This Article identifies and addresses a growing contradiction at the heart of United States energy policy. States are the traditional energy regulators and energy policy innovators — a role that has only grown more important without a settled federal climate policy. But federal regulators and market pressures are increasingly demanding integrated national and international energy markets. Deregulation, the rise of renewable energy, the shale revolution, and new sources of motor fuel precursors like crude and ethanol have all increased interstate energy trade.
The Article shows how integrated national energy markets are driving states to regulate imported fuel and electricity based on how it was produced elsewhere. That is, states that import energy are now exporting their energy regulations to cover production in their trading partners. But exported regulation has its own problems: it threatens to splinter interstate markets, undercutting the federal push for integrated and efficient energy markets; and it violates the Constitution’s dormant commerce clause. Indeed, these innovative exported regulations are now caught up in litigation across the country.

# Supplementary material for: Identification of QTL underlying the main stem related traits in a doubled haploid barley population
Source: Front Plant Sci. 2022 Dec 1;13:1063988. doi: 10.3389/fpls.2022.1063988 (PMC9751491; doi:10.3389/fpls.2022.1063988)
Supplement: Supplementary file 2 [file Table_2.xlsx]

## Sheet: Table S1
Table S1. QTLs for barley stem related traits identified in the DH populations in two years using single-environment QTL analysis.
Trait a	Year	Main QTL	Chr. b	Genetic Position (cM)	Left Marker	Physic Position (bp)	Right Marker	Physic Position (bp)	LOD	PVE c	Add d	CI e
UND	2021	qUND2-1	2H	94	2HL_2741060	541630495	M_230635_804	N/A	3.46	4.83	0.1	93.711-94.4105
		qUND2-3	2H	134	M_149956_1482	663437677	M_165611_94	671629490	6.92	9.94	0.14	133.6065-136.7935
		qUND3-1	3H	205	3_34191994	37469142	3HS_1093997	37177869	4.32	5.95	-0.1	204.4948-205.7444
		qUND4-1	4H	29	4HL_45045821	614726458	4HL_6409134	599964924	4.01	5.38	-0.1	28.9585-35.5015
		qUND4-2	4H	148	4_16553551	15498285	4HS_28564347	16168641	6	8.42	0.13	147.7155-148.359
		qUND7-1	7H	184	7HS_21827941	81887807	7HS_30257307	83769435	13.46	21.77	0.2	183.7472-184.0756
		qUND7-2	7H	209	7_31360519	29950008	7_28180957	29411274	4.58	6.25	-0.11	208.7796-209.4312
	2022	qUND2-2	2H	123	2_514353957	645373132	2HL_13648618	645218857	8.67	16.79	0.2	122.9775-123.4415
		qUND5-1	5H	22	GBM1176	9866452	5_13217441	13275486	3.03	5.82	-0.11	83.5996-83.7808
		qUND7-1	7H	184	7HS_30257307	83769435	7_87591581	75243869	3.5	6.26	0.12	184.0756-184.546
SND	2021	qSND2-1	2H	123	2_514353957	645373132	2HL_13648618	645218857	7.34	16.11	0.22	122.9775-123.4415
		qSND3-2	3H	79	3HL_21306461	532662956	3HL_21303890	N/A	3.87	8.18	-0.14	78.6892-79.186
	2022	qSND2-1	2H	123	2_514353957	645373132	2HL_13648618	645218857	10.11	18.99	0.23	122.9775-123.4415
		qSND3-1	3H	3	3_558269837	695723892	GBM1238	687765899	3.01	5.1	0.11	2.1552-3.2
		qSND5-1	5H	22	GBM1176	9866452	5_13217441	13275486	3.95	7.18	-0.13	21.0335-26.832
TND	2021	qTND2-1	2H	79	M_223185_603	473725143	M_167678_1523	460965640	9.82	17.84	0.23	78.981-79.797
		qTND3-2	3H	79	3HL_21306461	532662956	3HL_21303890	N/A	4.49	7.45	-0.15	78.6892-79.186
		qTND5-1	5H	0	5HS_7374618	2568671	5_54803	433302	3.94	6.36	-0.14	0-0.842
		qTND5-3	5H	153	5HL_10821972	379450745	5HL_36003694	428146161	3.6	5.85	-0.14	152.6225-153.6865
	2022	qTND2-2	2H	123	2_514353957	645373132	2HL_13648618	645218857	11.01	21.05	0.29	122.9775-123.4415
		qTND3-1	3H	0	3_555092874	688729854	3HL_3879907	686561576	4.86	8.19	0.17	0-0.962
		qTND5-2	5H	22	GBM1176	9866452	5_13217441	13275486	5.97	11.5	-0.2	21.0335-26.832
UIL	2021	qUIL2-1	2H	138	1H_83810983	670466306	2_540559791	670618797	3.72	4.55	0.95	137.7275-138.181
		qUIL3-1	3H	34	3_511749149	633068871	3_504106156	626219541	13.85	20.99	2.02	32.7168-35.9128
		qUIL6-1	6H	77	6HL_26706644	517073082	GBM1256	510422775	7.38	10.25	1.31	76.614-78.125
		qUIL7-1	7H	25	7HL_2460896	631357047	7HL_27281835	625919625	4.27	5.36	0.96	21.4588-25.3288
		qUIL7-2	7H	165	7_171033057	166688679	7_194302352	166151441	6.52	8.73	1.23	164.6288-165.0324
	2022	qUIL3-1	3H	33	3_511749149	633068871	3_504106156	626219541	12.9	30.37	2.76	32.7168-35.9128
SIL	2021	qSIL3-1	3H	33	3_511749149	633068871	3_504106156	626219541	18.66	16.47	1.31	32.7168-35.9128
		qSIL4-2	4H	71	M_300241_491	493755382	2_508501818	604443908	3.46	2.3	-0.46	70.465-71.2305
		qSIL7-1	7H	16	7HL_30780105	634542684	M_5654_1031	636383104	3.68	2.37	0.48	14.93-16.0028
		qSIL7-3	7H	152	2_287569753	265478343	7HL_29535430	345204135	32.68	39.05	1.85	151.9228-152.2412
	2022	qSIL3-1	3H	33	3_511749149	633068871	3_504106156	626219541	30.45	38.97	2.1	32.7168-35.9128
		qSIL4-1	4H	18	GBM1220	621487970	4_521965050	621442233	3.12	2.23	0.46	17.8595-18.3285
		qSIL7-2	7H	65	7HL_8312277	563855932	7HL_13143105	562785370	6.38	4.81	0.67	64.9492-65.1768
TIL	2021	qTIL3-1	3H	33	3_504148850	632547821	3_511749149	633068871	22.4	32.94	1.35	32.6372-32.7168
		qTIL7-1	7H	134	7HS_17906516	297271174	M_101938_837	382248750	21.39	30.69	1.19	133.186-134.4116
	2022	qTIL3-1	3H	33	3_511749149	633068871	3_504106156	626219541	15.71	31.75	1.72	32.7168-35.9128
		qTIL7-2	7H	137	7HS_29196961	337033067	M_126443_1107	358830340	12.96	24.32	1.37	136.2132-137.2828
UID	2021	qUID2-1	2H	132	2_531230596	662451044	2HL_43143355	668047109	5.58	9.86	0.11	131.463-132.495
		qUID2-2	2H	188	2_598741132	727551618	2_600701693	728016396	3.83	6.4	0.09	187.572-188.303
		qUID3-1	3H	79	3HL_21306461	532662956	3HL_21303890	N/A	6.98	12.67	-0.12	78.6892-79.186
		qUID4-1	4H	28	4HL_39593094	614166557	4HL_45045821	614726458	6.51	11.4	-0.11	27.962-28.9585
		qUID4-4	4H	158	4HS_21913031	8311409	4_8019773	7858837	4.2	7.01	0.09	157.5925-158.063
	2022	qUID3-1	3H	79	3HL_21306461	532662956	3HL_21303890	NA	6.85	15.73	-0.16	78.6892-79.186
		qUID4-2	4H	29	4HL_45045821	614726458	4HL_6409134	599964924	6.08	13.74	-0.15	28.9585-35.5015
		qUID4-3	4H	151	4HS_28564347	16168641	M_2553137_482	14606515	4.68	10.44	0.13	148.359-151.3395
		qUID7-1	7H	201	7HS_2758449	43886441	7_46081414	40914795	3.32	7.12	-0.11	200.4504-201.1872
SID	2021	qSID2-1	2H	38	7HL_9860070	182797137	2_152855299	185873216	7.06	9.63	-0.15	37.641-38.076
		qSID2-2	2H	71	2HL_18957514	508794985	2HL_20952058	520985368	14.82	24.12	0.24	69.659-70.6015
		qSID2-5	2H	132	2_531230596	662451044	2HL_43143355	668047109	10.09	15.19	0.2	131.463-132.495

The Article argues that, to preserve states’ role, while also maintaining a national energy market, Congress should empower the Federal Energy Regulatory Commission to immunize non-discriminatory state laws from commerce clause scrutiny if, and only if, they do not threaten to splinter interstate energy markets. The project considers how these federal regulators might assess state energy laws in three salient areas: regulation of imported electricity, regulation of imported fuel, and regulation of energy export and supply chains.
Fordham Law Review
James W. Coleman, Importing Energy, Exporting Regulation, 83 Fordham L. Rev. 1357 (2014)